#23NewsBulletin – Former Pakistan cricketer and qualified cricket coach Atiq uz Zaman has revealed how he and other Asian cricketers were subjected to racism in England and how it was common for people to use derogatory terms like “Paki” or “bloody Asians” for players from Pakistan.
Zaman in an exclusive chat with a news channel revealed the identity of the person he mentioned in one of his tweets last month without naming anyone.
Zaman claimed that a development officer named Paul Bryson at Lancashire targeted him racially.
“It was back in 2006, I was introduced to Bryson by another development officer for some coaching assignment. I got a stint and did a couple of sessions. For the third session, I couldn’t reach as my car was having some problem,” he recalled.
“I texted Paul about the problem but he didn’t reply to my messages or my calls. The same evening, he phoned me and complained about my absence. When I reminded him that I had texted him, we exchanged some heated words before dropping the phone. After a few hours, he texted me again, asking if I was that ‘samosa seller’ he saw at Edgbaston,” Zaman said.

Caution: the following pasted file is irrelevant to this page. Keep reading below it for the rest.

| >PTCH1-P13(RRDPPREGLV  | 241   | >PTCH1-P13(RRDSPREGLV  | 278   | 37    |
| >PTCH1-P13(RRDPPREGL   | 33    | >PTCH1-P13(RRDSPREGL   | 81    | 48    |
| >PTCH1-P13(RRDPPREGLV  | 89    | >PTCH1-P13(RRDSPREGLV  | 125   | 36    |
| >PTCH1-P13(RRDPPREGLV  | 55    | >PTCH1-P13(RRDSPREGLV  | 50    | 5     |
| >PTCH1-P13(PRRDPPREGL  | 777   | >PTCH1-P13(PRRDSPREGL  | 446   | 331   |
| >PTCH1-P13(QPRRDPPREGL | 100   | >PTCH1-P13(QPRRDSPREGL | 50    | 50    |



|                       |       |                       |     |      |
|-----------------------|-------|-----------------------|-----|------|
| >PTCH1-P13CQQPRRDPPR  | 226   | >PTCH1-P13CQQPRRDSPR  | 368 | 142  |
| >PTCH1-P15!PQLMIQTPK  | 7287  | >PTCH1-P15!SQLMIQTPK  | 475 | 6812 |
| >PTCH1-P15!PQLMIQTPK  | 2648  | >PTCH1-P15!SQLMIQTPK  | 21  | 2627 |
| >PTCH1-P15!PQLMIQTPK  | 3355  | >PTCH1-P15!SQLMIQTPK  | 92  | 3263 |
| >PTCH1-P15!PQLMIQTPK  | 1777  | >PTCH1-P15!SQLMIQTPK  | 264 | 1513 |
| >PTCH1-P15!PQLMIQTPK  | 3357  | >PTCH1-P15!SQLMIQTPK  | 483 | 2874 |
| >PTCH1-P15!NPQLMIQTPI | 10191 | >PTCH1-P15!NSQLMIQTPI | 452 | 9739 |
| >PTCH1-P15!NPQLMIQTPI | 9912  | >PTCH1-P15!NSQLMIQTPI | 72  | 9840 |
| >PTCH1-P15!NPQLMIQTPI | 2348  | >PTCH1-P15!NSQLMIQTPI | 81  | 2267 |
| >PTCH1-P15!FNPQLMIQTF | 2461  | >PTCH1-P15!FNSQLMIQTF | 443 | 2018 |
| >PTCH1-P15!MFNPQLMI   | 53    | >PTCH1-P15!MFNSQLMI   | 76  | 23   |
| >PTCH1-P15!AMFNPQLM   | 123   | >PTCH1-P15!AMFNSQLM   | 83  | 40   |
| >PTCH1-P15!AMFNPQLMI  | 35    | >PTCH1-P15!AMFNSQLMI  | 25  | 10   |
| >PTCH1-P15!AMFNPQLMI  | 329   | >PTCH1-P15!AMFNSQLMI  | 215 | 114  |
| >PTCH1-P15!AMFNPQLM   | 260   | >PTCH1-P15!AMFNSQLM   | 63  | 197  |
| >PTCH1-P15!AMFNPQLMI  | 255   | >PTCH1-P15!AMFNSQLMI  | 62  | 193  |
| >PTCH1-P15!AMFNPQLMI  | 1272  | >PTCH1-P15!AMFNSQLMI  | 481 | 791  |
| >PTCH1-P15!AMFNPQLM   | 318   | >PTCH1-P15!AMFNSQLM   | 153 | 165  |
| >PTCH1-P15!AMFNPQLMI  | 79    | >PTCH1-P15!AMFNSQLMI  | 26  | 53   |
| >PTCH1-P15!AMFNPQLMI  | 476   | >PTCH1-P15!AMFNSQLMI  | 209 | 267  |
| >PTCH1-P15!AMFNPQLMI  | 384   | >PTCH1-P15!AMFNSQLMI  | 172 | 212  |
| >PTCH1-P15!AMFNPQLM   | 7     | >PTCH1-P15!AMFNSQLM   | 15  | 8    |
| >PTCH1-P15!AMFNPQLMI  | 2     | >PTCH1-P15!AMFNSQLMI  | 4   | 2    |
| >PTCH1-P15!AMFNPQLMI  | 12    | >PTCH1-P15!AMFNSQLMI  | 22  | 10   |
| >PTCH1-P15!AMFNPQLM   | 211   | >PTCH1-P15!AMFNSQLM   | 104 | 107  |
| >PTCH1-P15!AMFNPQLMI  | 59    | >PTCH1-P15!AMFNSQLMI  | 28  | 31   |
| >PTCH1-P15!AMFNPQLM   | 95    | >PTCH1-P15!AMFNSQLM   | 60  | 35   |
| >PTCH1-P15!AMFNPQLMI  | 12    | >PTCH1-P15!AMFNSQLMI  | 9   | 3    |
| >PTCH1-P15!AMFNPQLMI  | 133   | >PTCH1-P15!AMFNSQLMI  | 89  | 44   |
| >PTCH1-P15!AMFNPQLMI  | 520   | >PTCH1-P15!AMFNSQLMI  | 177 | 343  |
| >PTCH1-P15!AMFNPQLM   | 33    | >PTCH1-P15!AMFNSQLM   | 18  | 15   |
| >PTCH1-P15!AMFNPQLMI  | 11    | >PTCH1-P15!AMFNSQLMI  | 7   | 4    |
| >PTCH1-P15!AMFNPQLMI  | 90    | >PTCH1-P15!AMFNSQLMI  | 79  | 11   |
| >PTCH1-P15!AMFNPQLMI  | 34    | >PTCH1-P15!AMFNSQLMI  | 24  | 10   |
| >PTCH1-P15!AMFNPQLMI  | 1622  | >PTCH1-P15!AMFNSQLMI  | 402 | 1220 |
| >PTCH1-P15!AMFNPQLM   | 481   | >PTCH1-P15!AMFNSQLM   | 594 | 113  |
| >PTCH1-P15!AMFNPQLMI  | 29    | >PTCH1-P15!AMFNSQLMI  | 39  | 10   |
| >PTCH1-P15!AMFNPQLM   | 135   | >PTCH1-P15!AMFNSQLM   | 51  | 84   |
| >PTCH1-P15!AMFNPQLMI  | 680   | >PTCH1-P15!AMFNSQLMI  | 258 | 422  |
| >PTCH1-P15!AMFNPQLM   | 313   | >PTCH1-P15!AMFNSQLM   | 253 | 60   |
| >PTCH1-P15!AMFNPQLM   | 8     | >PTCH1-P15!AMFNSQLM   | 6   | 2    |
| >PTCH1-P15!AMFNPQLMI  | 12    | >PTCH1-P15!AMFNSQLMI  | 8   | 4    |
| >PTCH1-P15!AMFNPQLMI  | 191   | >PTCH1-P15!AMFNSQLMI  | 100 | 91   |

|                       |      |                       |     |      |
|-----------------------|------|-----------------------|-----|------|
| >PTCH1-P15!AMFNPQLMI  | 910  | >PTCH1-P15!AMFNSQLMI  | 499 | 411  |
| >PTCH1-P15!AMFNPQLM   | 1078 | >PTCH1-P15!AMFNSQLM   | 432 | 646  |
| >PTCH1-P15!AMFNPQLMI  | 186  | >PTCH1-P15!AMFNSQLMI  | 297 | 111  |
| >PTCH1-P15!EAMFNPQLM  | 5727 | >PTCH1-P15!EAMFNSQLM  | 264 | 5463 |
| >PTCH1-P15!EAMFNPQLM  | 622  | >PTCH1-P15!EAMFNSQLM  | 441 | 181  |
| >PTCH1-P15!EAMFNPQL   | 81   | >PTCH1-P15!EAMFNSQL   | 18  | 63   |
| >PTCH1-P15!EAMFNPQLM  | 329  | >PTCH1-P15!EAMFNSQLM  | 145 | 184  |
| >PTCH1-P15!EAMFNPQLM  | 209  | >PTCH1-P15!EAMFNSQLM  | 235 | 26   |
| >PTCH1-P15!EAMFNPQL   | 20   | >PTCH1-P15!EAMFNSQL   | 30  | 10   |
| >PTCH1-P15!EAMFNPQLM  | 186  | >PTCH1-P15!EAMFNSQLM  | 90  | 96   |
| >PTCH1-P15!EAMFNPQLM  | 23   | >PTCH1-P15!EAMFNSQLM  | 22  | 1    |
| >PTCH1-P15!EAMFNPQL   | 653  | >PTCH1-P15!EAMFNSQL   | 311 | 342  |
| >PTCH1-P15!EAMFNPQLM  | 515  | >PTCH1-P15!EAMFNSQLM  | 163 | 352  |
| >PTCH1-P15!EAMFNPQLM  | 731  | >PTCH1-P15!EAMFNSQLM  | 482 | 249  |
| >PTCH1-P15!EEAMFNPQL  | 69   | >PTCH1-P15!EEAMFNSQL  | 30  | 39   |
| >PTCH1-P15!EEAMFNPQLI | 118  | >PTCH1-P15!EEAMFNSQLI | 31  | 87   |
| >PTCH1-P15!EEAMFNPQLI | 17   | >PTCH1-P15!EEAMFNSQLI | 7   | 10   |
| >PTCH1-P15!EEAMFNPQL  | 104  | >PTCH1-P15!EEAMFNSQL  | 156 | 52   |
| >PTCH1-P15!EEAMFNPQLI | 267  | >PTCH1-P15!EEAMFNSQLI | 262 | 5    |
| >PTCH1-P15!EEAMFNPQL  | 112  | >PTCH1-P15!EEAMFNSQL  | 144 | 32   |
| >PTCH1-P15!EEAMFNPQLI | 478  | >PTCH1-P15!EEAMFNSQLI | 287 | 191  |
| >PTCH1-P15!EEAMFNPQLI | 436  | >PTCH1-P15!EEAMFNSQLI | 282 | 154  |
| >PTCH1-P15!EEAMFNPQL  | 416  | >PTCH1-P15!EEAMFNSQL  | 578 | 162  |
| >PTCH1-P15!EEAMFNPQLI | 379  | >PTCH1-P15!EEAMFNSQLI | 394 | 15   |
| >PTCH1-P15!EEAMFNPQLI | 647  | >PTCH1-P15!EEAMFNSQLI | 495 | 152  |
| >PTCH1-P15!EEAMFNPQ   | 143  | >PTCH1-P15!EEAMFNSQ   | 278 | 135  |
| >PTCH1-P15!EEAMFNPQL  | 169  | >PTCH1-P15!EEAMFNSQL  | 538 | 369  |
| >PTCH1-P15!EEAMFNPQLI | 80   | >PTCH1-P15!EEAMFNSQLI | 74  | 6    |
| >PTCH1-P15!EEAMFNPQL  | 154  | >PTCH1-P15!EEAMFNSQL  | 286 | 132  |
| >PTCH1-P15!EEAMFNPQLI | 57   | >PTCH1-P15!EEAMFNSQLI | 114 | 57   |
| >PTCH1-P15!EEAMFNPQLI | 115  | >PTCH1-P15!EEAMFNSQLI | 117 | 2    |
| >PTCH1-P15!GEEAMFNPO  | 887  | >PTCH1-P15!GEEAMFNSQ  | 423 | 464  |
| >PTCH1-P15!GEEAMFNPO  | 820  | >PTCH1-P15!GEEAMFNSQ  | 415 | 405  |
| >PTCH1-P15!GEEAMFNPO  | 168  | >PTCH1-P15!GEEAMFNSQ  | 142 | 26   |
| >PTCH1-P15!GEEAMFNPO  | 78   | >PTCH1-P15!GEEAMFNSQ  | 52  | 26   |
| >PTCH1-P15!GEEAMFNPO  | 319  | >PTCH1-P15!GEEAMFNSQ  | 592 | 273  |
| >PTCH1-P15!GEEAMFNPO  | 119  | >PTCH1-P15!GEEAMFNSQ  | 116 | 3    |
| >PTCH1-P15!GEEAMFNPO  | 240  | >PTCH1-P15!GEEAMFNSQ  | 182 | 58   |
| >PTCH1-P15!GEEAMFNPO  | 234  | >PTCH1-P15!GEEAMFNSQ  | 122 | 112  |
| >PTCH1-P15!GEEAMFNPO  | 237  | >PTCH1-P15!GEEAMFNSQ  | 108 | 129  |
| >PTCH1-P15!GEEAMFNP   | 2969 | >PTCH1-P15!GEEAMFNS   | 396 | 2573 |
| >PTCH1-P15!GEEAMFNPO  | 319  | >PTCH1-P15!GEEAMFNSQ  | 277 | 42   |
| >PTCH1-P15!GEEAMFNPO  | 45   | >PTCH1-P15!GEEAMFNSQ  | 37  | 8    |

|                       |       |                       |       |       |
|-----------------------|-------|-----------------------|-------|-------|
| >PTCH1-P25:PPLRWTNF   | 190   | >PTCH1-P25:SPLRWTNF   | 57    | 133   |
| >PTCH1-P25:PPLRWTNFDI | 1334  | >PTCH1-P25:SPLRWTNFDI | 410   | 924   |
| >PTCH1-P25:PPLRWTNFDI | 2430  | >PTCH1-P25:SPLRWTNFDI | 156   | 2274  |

According to Atiq, it was racially offensive to him, as Paul would’ve never referred to any British as a “samosa seller”.
He confirmed that he did not report the case, but instead shared it with another officer, who did not consider it a complaint.
“I was new to the society, I was still finding a job and wanted to settle, that’s why I refrained from taking it further as I believed that it could’ve jeopardized my career there,” the cricketer said.
“Also, it was normal for us to hear words like Paki or bloody Asians. It would hurt us then but we couldn’t do much about it,” he went on to say that racism was not limited to one or two counties, but was deeply rooted in English cricket.
The former Pakistan wicket-keeper confirmed that he was interviewed by officials of the Lancashire county cricket club after his tweet in November and that he informed the club officials about everything.
He informed them that steps must be taken to ensure that Asian coaches and cricketers are not discriminated against.
“If someone is highly qualified and yet not getting any opportunities, then he would surely think that it is because he’s from a different race,” the former Pakistani cricketer said.